The Joys (and pitfalls) of Speaking British English in America

Language is a wonderful thing ladies and gentlemen and in today’s post I am going to demonstrate why, hopefully without boring you to death in the process. Let’s start with a little known nugget of information; a British person would do the hokey cokey but an American would do the hokey pokey (which sounds a little more creepy). A New Zealander, on the other hand, would do the hokey tokey and at this point I start to wonder how a simple dance could have three different names in three different countries. Did it get lost in translation or was it someone’s clever way of avoiding being sued for copyright?

I can practically guarantee that this will never come up in a pub quiz (or, as my American friends call it, trivia) so you can happily forget that piece of useless information forever. Now that I have bored you to death let’s talk about something more interesting; insults. The Inuit dialect spoken in Nunavit, Canada has 53 different words for snow and the British have at least as many words for insulting a friend. Now the British have a reputation for being polite (and I did once apologise to a tree for walking into it) so I need to save our reputation by adding that these insults are usually used affectionately. If a British friend calls you a knob then they are being nice, if a Brit who isn’t a friend calls you a knob you probably should feel insulted.

One of the best things about the British having so many swear words and insults is that there are a number of words that don’t have the same meaning in the US so they can be used perfectly innocently there. If you name your pretty holiday cottage in Maine “Knob End” then you can bet that a British person is going to come along at some point and snigger and take a photo. The beauty of British insults is that many of them are words that are satisfying to say and inoffensive so you can use them in everyday conversation. Numpty is a far more evocative word than idiot and bell-end is more satisfying to say than douche, although I must admit I have a soft spot for douche canoe as an insult. Never let it be said that cultural osmosis isn’t a thing.

funny 1
This makes me laugh

The downside to all these different uses of words is that sometimes they are lost in translation. If a British person accuses you of “telling a porky” they are calling you out on lying (lie is pork pie in Cockney slang). I often forget that this one didn’t make its way across the Atlantic and thus leave people bewildered. Another Britishism that I unwillingly revert to is using “cheers” to say thank you when someone does something for me and they look at me like ‘I just held a door open for you, why are you raising a toast?’  I’ve learned when referring to something awesome it’s best to not call it “the dog’s bollocks” as that idiom has not made it across the Atlantic yet and people will wonder why I am talking about Fido’s undercarriage.

This also makes me laugh

Another thing that can catch out the unwary are the much discussed differences in spelling between British and American English. The spelling differences we have largely come from a patriotic man called Noah Webster who wanted to free his people from the influence of the British by spelling words more phonetically to establish a separate American English. He removed lots of pesky colonial letters such as the ‘u’ in colour, flavour etc. and the extra ‘l’ in travelled. There are also a lot of zeds (yes I will never pronounce it as zee) in words instead of s which makes them better for scrabble but makes them look weird to my British mind. Fortunately not all of Webster’s new patriotic spellings caught on such as ‘tung’ for tongue or ‘wimmen’ for women.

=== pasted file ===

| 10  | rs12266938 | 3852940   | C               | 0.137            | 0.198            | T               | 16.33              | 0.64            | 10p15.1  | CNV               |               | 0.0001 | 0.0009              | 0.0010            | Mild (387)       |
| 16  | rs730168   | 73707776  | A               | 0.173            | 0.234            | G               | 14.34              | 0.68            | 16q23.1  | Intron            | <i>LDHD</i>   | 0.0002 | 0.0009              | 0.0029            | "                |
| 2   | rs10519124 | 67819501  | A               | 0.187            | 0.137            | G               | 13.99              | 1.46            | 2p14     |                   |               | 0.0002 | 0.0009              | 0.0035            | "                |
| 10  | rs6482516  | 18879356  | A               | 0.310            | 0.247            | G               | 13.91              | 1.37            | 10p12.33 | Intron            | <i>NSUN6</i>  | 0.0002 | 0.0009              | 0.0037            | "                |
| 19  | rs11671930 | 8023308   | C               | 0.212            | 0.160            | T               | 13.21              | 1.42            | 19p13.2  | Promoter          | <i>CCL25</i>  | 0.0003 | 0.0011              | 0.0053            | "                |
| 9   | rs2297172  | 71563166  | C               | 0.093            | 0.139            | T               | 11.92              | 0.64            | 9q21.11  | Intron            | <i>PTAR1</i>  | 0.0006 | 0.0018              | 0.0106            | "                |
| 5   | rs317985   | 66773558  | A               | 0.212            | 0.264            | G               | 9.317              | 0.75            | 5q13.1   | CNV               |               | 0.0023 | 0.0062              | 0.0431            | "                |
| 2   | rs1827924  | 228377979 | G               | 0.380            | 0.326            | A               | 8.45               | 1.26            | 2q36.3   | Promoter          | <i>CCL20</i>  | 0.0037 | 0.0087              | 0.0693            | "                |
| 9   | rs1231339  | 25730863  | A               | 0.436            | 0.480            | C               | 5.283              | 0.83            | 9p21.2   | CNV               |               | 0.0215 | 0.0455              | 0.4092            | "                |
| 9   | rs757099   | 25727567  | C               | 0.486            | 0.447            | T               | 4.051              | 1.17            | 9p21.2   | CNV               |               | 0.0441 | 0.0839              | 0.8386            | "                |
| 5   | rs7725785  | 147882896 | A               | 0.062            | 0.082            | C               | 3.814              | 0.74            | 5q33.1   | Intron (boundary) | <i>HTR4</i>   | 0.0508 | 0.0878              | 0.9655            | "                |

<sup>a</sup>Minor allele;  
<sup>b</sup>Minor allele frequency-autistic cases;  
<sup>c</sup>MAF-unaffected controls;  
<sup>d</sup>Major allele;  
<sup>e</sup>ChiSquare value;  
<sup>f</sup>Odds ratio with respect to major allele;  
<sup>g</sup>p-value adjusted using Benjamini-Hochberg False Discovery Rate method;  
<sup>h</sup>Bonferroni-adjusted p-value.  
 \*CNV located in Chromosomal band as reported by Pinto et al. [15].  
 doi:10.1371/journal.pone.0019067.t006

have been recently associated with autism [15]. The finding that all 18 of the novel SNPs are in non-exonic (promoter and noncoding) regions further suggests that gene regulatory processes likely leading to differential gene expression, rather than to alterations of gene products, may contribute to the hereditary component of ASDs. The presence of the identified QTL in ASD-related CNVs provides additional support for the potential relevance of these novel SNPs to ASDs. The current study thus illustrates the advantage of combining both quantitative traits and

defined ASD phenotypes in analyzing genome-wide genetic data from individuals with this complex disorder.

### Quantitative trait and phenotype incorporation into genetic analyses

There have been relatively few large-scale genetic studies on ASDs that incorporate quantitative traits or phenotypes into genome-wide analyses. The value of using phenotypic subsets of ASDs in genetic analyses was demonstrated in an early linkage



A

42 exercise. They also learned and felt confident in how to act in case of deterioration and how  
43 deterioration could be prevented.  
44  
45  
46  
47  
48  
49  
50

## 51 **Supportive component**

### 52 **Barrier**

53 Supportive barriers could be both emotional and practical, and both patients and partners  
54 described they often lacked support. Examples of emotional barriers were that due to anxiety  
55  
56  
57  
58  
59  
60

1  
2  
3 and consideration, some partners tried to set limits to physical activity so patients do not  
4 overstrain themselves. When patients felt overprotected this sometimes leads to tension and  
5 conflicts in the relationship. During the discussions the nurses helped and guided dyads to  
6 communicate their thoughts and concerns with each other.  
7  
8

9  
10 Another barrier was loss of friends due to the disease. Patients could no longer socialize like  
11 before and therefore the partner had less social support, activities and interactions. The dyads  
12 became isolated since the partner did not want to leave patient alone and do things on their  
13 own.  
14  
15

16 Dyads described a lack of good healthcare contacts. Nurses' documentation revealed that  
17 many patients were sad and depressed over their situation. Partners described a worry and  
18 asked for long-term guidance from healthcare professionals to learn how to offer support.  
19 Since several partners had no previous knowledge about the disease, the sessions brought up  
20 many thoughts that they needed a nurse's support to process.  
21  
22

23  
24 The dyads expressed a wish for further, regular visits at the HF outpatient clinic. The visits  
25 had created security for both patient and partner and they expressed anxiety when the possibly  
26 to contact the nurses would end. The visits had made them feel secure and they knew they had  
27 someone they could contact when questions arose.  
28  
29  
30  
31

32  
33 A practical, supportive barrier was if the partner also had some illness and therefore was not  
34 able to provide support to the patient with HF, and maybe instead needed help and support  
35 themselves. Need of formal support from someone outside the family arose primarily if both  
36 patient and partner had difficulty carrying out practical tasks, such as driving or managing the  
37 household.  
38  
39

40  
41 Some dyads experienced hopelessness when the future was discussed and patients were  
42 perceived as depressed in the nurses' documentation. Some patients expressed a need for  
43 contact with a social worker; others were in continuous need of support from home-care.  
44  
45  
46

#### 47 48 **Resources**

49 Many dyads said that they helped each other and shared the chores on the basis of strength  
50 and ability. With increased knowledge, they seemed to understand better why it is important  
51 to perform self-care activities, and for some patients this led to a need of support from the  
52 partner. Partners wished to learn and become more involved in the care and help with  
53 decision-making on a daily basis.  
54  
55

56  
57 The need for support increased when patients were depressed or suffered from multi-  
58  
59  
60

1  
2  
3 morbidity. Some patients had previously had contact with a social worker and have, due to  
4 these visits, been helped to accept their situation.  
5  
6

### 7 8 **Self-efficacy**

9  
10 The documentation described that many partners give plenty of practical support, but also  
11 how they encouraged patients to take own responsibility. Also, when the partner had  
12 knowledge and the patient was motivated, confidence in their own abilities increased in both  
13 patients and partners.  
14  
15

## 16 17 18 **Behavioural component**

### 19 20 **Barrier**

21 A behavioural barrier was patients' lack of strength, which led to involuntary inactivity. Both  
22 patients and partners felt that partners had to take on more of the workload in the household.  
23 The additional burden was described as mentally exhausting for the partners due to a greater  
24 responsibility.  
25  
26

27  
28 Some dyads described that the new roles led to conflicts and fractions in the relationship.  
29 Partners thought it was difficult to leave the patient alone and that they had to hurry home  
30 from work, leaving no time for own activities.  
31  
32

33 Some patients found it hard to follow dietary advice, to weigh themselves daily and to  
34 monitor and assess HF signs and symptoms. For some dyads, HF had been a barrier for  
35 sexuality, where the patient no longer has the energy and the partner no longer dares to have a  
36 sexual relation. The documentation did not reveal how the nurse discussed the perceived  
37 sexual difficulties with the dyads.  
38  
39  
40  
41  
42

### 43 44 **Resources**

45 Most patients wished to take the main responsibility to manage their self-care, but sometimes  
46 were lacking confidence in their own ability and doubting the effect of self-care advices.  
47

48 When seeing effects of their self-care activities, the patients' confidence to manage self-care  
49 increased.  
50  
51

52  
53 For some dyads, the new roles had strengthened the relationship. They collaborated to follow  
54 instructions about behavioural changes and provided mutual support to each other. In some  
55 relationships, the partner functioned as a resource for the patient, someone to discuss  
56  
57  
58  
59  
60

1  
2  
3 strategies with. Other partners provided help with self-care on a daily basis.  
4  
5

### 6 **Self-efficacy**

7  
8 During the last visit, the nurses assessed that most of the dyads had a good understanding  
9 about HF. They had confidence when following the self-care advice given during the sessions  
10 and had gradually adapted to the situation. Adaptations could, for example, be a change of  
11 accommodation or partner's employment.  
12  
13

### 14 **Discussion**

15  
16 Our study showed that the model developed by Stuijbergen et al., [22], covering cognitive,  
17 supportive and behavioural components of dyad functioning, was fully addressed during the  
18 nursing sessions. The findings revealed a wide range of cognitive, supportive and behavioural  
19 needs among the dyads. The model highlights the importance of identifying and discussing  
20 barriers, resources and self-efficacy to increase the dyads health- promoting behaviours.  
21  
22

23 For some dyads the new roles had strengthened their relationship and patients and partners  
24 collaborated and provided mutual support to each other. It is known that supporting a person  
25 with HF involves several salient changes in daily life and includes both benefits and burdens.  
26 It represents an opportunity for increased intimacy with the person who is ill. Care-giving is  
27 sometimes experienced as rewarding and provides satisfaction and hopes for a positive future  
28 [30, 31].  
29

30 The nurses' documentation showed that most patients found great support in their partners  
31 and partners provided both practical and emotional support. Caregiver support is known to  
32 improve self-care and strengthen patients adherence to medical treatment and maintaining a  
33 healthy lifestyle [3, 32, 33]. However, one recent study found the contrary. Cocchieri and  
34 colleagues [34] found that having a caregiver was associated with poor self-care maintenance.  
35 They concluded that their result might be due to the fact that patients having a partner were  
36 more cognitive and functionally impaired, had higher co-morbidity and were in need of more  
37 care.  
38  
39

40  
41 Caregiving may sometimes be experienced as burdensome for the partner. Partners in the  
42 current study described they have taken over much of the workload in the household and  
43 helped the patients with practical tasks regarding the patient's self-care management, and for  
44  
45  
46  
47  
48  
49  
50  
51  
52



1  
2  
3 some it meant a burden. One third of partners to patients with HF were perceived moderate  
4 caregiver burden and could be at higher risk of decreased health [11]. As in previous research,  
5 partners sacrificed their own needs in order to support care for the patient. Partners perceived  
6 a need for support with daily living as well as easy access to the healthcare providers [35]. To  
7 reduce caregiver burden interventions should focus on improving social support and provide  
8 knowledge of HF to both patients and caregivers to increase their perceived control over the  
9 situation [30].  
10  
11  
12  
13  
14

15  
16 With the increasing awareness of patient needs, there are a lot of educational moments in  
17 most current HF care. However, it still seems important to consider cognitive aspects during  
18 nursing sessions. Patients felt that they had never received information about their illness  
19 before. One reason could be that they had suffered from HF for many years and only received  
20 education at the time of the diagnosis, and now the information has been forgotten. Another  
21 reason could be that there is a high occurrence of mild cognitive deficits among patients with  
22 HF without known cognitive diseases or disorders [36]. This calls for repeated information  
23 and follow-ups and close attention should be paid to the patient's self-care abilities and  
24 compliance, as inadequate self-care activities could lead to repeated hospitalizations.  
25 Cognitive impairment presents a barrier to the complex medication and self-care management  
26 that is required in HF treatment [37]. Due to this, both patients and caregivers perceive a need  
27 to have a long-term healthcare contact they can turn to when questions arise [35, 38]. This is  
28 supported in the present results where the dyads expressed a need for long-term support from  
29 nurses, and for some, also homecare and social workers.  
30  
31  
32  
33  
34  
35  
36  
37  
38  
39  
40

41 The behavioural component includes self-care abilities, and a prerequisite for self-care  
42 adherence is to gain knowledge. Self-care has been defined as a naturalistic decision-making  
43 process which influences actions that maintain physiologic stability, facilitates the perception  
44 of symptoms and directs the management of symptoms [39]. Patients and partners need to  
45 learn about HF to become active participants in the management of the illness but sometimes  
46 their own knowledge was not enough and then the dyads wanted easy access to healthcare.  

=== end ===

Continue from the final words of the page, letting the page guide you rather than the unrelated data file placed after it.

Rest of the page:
The British desire for understatement also lets me down sometimes; it’s hard to get your frustration across when there are so many ways to express irritation without actually saying you are pissed off. British people are experts at not saying how they really feel in order to not cause offence but obviously this doesn’t always translate well. My favourite one is to say that “I was a little put out” but what I mean is that someone has really annoyed me. The table below that has done the rounds on the internet for a while shows what I mean.


I hope that in this post I have shown how some of the seemingly minor differences between the way that Brits and Americans talk can be interesting and a lot of fun. Have you ever been confused by a Britishism or  an Americanism on your travels?

23 thoughts on “The Joys (and pitfalls) of Speaking British English in America

  1. I snickered over that picture of the “Dream Shag.” Also, I am never going to look at Knob Hill as anything other than redundant now. 😉

    Numpty is the best. Especially when David Tennant pronounces it.

  2. Aakansha

    I have to say, I didn’t even know half of those British slangs you mentioned.
    What an informative slang-ful post! 😀

  3. Haha, as always, love hearing the ‘difficulties’ you face in the US! We were at a wedding over the weekend and someone said in reference to a missing guest that perhaps they’d wandered into the woods for a shag. Which we all found hilarious saying ‘who the hell uses shag anymore?!’ And the poor US guest just looked left out… 😉

  4. We were recently in US and on one guided trip we were frequently told about the nearby ‘porta potty’ should we need it. He slurred his t’s US style and we were reduced to uncontrollable giggles each time he said it! (The UK word is ‘porta loo’ – Loo being something that adults use, while very young children use a potty).

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